February 10, 2023 • 3 min read | By Kristina Monllos

Ivy Liu

As marketers continue to build out in-house agencies — creative, media or otherwise — offering the talent that joins said agencies the ability to crack major campaign moments like the Super Bowl is necessary, according to in-house agency execs.

Cash-back platform Rakuten will run its second Super Bowl spot by its 45-person in-house team this year. The platform has in-house brand strategists, creative strategists, art directors and designers as well as a production staff. The team crafted a 30-second ad that will run during the game featuring stars of Clueless reviving their roles in the film to tout the fashion offerings of Rakuten.

“We knew we needed a creative team who could do it all,” said Vicki McRae, svp of brand, creative and communications at Rakuten, adding that when she joined the platform three years ago the plan was to grow an in-house team to not only figure out the tone of voice, look and feel of the brand but make sure it was a team with “big ambitions.”

McRae added: “We needed people who had a vision to set foundational elements who could deliver things like the Super Bowl. With that in mind, to get the top talent you need to bring in-house to do all those things, you have to make sure they are [given the opportunity] to touch all those things.”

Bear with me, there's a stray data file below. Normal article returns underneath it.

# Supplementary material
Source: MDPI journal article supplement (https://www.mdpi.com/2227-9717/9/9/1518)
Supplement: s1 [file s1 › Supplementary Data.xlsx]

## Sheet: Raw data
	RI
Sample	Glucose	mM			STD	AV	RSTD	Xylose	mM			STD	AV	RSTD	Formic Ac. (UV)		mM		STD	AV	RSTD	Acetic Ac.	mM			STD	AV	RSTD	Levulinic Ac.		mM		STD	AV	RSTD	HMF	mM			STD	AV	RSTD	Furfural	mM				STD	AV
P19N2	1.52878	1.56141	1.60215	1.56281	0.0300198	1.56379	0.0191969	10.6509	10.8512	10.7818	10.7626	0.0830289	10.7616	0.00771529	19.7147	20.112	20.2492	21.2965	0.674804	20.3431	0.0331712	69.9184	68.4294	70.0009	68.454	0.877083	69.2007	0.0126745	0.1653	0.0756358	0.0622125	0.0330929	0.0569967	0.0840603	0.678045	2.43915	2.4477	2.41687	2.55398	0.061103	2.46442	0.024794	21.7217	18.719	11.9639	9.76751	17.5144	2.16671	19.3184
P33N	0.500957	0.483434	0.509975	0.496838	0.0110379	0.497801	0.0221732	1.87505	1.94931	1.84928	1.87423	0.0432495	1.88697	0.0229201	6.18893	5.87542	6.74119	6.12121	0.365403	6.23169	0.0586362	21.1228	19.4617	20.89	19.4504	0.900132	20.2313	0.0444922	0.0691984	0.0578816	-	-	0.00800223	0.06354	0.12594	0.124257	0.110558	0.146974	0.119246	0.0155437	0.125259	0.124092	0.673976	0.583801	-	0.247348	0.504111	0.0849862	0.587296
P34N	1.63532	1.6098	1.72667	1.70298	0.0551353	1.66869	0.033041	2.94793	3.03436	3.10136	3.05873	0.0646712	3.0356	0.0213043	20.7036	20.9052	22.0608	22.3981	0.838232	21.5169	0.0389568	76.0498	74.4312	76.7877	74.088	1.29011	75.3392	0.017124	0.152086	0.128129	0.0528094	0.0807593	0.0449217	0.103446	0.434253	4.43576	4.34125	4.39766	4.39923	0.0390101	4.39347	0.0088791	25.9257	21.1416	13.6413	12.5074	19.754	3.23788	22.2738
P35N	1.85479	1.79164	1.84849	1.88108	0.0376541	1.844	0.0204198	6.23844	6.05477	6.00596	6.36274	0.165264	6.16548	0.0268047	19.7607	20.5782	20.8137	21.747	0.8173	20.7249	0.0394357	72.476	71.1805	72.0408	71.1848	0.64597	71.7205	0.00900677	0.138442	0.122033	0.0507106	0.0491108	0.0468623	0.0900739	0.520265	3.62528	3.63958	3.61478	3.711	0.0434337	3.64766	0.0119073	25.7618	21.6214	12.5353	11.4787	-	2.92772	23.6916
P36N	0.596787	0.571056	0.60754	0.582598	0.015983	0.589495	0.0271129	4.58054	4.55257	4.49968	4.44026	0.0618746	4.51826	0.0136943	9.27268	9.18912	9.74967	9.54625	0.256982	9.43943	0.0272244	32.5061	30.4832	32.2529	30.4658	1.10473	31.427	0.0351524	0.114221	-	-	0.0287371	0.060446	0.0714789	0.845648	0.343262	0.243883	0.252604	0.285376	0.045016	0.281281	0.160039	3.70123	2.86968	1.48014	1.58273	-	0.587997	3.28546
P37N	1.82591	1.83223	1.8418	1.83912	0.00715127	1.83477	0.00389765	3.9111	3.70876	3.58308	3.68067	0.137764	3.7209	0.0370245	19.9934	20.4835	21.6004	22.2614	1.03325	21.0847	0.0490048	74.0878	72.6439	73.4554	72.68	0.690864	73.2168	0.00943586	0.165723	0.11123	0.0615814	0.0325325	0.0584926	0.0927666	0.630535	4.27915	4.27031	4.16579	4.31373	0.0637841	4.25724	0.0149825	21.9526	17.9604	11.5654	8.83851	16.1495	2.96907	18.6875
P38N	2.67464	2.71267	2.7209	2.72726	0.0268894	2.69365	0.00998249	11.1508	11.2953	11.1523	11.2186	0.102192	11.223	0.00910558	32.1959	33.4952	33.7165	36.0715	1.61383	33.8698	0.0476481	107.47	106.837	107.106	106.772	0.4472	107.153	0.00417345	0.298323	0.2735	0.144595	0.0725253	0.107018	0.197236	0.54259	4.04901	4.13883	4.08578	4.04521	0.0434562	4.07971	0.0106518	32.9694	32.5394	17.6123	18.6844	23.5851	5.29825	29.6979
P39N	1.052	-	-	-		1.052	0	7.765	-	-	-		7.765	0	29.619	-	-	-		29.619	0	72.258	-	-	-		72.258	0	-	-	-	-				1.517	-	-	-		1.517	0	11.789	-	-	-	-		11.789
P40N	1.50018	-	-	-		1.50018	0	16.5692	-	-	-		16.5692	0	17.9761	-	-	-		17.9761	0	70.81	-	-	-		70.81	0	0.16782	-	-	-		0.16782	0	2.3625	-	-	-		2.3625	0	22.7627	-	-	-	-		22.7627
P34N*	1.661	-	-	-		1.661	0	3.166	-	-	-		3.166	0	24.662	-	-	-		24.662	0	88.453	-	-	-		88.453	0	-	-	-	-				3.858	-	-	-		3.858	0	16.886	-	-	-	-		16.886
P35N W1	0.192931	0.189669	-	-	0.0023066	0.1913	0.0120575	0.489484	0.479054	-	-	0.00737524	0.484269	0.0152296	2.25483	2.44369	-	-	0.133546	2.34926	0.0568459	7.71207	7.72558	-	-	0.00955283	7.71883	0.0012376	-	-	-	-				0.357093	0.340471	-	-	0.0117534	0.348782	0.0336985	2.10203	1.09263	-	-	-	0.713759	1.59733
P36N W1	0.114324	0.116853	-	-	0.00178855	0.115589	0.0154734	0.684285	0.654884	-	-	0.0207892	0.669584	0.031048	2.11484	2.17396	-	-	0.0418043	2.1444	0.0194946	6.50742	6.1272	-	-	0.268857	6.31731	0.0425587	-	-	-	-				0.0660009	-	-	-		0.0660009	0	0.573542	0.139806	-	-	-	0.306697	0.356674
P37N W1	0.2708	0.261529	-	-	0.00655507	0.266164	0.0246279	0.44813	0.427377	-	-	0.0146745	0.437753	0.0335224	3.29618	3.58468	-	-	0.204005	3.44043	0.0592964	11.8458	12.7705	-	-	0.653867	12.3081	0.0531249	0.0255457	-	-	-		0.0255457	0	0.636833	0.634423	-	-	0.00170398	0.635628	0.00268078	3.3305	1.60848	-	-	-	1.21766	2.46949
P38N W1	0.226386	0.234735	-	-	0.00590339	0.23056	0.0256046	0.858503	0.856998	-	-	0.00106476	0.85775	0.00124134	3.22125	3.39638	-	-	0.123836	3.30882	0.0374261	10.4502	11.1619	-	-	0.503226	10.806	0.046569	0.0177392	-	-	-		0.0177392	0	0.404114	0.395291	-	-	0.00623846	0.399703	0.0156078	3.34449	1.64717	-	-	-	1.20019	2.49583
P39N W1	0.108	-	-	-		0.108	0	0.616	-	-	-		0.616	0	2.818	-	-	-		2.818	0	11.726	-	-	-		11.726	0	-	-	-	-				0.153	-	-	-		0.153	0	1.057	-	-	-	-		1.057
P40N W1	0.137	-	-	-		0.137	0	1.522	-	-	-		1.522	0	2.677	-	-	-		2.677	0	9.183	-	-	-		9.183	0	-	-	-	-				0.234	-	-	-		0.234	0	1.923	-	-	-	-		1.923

Rakuten is not alone in using its in-house team to manage its Super Bowl advertising. Other brands like Squarespace and Best Buy, among others, are using in-house teams for various Super Bowl efforts. As previously reported by Digidayas marketers continue to build out in-house capabilities, using those in-house teams to manage tentpole events like Super Bowl will continue.

The “always-on nature of the work over the last decade” has made Squarespace’s 60-person in-house agency all the more important for the brand, according to Ben Hughes, vp of creative at Squarespace. The website maker will have a 30-second spot during the Big Game featuring Adam Driver that was created in-house and inspired by the brand’s lore, something the in-house team was “uniquely qualified” to do, noted Hughes.

Marketers pointed to speed and agility when asked why they are using in-house teams to manage Super Bowl campaigns. While Best Buy won’t have an ad running during the Big Game, the brand did tap its 100-person in-house agency to manage a campaign leading up to the Super Bowl.

“We believe that no one can more authentically tap into the humanity of our brand and connect with our customers in a more meaningful way than the people who live and breathe it every day,” said Molly Kinsella, vp of creative, content and operations, in an email.

Marketers said cost savings wasn’t so much a driving factor in the decision, as much as speed, agility, efficiencies and the ability to recruit top talent for the in-house team with opportunities like Super Bowl.

That a company would tap its in-house team for Super Bowl work isn’t surprise, especially when the work is more integrated. “When [a campaign is] more deeply integrated [with] social or other activities, it’s more complicated to execute, oftentimes it’s taken in-house because lots of folks in the organization need to get involved,” Allen Adamson, brand consultant and co-founder of Metaforce, previously told Digiday.

“It’s more about ownership,” said McRae. “Living and breathing the brand every day, knowing what we want to do from a business perspective. True ownership is something you can achieve in a much clearer way when you do the work in-house.”